How do you take something so opposite to a piece of architecture as a lorry and turn it into not just a library, but a structure capable of hosting an entire spectrum of cultural activities? Looked at in this way, the archaic idea of building libraries started to regain a sense of modernity. Working on this premise, Mexican architecture studio PRODUCTORA came up with the design for a cultural centre within a 20 square metres space on board a Freightliner M2 20K lorry — a travelling building.
So Productora modernized the library by reimagining it as a site for an “entire spectrum of cultural activities”? Rather than heroicizing the designer, again, let’s give some credit to the librarians who already figured this out. The Carnegie libraries hosted an “entire spectrum of cultural activities” — as did, to some degree, the Library of Alexandria.
And here’s another recent “small collection of little libraries” post: To set up a contrast with the informal libraries they’re about to profile, Architizer paints the following picture of the traditional library:
Originally built to protect books from ruin, libraries are generally gigantic bunker-like buildings. Inwardly focused, they restrict access to their treasure troves to those who whisper and can thrive without sunlight.
Maybe a hundred and fifty years ago that was the case — before Labrouste, before open stacks, before children’s rooms, etc.
With the advent of the internet, however, all of the world’s knowledge is available instantly to anyone who desires it.
All of it? Really? I bite my tongue.
Books are no longer precious for the information within them, but rather for their physicality: you can’t hold the internet or turn a webpage (discounting the swipes of an iPad). This frees libraries to pursue another of their functions: to foster dialogue and investigation.
Have not libraries been fostering dialogue and investigation for millennia? Sure, for a good portion of their history, when books were scarce and valuable, protecting the books was a prime concern. But that era ended quite some time ago — unless you’re talking about rare books libraries, which I don’t think they’re thinking of here.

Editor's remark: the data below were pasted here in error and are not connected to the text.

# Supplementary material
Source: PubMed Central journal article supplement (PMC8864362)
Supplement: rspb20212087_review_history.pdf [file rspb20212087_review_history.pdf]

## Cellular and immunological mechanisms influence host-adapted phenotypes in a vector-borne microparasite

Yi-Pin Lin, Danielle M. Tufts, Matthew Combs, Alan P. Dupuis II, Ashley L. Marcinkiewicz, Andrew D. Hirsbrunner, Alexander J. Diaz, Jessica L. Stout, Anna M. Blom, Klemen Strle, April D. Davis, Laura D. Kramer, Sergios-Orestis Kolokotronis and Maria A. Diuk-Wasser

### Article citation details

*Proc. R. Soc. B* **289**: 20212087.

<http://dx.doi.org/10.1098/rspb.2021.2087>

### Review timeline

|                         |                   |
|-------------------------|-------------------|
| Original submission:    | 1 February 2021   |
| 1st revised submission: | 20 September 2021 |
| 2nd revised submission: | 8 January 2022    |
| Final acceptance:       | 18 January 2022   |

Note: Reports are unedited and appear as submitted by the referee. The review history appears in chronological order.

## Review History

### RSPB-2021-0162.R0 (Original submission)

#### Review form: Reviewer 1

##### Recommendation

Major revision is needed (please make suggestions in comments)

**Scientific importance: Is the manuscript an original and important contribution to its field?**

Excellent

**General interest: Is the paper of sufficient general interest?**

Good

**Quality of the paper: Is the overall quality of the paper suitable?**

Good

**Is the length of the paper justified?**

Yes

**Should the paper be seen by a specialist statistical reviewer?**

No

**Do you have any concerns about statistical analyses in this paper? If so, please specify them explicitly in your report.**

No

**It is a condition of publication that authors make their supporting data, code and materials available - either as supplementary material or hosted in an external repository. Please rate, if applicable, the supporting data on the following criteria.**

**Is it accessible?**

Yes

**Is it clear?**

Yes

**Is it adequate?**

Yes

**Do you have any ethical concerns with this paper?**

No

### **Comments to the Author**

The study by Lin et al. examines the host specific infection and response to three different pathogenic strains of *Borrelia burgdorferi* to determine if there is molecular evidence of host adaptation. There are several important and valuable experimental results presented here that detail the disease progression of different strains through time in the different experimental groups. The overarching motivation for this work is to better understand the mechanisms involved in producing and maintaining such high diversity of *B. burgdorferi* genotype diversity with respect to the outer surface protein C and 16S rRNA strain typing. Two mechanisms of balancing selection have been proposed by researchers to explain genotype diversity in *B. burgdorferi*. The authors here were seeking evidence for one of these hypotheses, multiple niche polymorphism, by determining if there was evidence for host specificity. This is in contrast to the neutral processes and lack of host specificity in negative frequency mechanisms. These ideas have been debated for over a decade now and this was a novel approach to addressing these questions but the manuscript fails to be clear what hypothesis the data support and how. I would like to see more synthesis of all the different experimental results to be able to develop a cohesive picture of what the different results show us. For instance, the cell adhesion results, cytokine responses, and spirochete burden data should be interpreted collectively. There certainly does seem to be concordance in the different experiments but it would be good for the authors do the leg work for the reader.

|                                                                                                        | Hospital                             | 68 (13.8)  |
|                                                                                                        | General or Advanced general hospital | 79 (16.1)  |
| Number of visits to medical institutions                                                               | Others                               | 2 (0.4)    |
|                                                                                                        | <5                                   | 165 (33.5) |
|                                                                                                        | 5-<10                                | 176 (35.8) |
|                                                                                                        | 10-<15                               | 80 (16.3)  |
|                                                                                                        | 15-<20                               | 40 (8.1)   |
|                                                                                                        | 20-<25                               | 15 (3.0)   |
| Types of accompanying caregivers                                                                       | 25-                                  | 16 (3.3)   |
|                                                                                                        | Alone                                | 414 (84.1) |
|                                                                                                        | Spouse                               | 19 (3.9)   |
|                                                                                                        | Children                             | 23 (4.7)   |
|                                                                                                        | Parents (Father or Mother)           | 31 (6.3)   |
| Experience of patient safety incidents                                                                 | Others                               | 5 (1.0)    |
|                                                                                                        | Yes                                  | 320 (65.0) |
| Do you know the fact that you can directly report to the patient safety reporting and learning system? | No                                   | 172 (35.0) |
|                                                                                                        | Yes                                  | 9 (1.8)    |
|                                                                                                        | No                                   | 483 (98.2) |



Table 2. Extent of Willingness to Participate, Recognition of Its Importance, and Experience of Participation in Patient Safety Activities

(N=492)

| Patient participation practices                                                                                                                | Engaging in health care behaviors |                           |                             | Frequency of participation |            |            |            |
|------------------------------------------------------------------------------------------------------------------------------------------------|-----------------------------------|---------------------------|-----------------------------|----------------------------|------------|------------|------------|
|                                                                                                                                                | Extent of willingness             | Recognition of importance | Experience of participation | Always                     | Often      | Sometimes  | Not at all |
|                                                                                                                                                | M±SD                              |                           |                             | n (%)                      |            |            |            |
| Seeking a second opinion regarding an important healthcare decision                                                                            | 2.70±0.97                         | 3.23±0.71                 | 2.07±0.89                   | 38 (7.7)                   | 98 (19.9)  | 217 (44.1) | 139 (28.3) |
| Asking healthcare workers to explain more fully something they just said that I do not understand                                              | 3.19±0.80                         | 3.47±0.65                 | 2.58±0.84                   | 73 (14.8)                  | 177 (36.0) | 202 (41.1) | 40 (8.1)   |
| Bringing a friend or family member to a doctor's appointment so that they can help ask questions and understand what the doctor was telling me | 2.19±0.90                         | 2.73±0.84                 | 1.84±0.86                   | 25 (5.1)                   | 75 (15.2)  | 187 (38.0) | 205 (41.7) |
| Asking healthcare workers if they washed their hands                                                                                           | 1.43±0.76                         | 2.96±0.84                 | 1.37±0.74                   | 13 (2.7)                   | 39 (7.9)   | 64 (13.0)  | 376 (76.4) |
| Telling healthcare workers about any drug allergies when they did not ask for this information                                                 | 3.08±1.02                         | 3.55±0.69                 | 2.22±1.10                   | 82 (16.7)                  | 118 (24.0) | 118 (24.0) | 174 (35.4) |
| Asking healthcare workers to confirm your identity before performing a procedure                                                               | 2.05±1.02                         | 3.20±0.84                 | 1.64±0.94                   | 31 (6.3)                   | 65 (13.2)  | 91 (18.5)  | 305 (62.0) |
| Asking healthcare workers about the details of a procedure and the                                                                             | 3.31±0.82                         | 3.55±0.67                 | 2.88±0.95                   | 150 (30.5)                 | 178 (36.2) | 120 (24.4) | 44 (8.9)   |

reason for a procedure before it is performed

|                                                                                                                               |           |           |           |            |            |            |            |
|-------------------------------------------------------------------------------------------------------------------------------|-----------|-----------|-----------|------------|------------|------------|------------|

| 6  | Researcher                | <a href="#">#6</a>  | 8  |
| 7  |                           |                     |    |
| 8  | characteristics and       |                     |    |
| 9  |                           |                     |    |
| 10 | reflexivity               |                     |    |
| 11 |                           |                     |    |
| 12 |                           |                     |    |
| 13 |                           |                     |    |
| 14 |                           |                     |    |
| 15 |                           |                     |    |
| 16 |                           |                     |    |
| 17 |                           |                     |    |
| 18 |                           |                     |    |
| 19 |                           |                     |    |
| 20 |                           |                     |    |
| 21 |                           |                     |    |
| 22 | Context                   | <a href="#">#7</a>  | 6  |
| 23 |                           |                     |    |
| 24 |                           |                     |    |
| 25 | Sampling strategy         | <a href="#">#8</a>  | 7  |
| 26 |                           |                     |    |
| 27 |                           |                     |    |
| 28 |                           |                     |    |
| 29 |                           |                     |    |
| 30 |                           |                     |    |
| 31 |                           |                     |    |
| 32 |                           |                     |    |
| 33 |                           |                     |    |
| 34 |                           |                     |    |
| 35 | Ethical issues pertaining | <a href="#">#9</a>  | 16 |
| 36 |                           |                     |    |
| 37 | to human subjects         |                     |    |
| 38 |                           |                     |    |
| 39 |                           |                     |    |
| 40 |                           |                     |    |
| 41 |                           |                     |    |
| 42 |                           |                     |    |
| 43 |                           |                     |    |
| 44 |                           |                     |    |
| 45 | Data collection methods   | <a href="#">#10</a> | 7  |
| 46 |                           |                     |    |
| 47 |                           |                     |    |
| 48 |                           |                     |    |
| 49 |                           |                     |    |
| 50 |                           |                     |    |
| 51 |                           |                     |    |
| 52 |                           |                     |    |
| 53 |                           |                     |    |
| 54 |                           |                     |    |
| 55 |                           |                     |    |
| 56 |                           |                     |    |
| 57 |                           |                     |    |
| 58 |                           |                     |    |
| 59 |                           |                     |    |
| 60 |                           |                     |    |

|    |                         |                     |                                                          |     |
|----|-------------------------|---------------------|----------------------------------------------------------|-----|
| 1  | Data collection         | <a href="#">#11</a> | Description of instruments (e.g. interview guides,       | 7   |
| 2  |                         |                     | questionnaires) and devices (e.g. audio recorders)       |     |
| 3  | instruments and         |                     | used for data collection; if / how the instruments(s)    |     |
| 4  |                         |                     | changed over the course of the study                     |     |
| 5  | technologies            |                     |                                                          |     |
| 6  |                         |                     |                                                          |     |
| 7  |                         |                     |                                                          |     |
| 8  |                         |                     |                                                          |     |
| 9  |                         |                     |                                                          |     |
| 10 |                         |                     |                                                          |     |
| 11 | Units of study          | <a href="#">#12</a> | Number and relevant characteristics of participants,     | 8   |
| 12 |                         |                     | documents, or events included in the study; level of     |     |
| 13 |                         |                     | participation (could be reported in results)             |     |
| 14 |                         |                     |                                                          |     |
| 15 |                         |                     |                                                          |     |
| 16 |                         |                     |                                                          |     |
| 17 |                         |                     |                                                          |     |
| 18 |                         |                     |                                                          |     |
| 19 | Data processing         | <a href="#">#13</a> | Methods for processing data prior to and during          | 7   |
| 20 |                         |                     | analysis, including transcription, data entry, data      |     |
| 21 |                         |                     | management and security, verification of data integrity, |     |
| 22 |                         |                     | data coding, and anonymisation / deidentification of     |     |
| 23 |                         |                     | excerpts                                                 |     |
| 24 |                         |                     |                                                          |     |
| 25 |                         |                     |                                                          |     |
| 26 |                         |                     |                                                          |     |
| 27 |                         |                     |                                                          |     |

In short: Yes, I understand that you want to ascribe some historical and cultural significance to the design projects you’re reviewing — by suggesting, say, that a team of up-and-coming designers has revolutionized a thousands-of-years-old institution by proposing a new program and making it mobile; or by painting a really bleak picture of the status quo, to which your featured design offers an alternative — but let’s try not to fabricate that context.
Geez Louise, is the Wall Street Journal ever into libraries. Or so it seems, based on the amount of coverage libraries have received in these first two weeks of the new year. Of course they closed out the old year with Ada Louise Huxtable’s last-ever critique, a take-down of Norman Foster’s proposed renovation of the 42nd Street New York Public Library:
This is a plan devised out of a profound ignorance of or willful disregard for not only the library’s original concept and design, but also the folly of altering its meaning and mission and compromising its historical and architectural integrity. You don’t “update” a masterpiece.
There’s something perfect about Huxtable’s career ending with a look at one of New York’s most magnificent public spaces — but I, for one, can’t say that this was Huxtable’s most magnificent piece; she focused more on the presumed mission of the library than on the architecture, and I think her characterization of what libraries are for adopted many of the same stereotypes that compromised the Summer 2012 debate over the renovation.
Then on January 3 the paper ran a piece about the sale of authors’ archives to libraries; of course this being the Journal, personal archives were framed not as a public good, but as an untapped source of potential income (Barry Newman, “As Trash Goes, Authors’ Clutter in the Right Hands Is Very Bankable”). A few days later they featured a rather nettlesome opinion piece by Peter Mandel (“Welcome to the Library, Where Shushing Is Overdue”) about the criminal invasion of noise into the library: